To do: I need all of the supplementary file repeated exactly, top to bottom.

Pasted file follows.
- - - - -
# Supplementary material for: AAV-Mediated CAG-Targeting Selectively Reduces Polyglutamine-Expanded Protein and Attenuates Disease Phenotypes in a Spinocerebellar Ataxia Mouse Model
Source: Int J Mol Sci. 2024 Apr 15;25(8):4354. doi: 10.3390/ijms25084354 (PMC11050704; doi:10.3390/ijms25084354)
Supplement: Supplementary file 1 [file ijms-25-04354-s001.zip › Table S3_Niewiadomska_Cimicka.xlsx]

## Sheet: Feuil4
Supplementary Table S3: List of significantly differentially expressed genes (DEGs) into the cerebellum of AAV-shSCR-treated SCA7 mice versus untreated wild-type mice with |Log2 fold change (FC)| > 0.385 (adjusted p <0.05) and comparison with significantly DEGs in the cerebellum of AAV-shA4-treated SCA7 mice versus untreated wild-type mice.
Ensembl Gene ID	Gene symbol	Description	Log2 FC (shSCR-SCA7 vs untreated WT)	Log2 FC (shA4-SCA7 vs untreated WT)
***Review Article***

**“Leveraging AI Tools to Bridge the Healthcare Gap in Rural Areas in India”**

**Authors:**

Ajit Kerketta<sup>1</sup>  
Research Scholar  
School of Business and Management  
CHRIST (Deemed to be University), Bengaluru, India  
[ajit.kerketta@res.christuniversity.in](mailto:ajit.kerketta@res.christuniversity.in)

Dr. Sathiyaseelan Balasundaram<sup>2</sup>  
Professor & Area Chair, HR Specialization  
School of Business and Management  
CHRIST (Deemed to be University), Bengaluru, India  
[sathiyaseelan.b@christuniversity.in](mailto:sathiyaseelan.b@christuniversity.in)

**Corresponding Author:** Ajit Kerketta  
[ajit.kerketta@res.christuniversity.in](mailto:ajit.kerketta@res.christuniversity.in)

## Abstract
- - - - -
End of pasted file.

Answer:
# Supplementary material for: AAV-Mediated CAG-Targeting Selectively Reduces Polyglutamine-Expanded Protein and Attenuates Disease Phenotypes in a Spinocerebellar Ataxia Mouse Model
Source: Int J Mol Sci. 2024 Apr 15;25(8):4354. doi: 10.3390/ijms25084354 (PMC11050704; doi:10.3390/ijms25084354)
Supplement: Supplementary file 1 [file ijms-25-04354-s001.zip › Table S3_Niewiadomska_Cimicka.xlsx]

## Sheet: Feuil4
Supplementary Table S3: List of significantly differentially expressed genes (DEGs) into the cerebellum of AAV-shSCR-treated SCA7 mice versus untreated wild-type mice with |Log2 fold change (FC)| > 0.385 (adjusted p <0.05) and comparison with significantly DEGs in the cerebellum of AAV-shA4-treated SCA7 mice versus untreated wild-type mice.
Ensembl Gene ID	Gene symbol	Description	Log2 FC (shSCR-SCA7 vs untreated WT)	Log2 FC (shA4-SCA7 vs untreated WT)
***Review Article***

**“Leveraging AI Tools to Bridge the Healthcare Gap in Rural Areas in India”**

**Authors:**

Ajit Kerketta<sup>1</sup>  
Research Scholar  
School of Business and Management  
CHRIST (Deemed to be University), Bengaluru, India  
[ajit.kerketta@res.christuniversity.in](mailto:ajit.kerketta@res.christuniversity.in)

Dr. Sathiyaseelan Balasundaram<sup>2</sup>  
Professor & Area Chair, HR Specialization  
School of Business and Management  
CHRIST (Deemed to be University), Bengaluru, India  
[sathiyaseelan.b@christuniversity.in](mailto:sathiyaseelan.b@christuniversity.in)

**Corresponding Author:** Ajit Kerketta  
[ajit.kerketta@res.christuniversity.in](mailto:ajit.kerketta@res.christuniversity.in)

## Abstract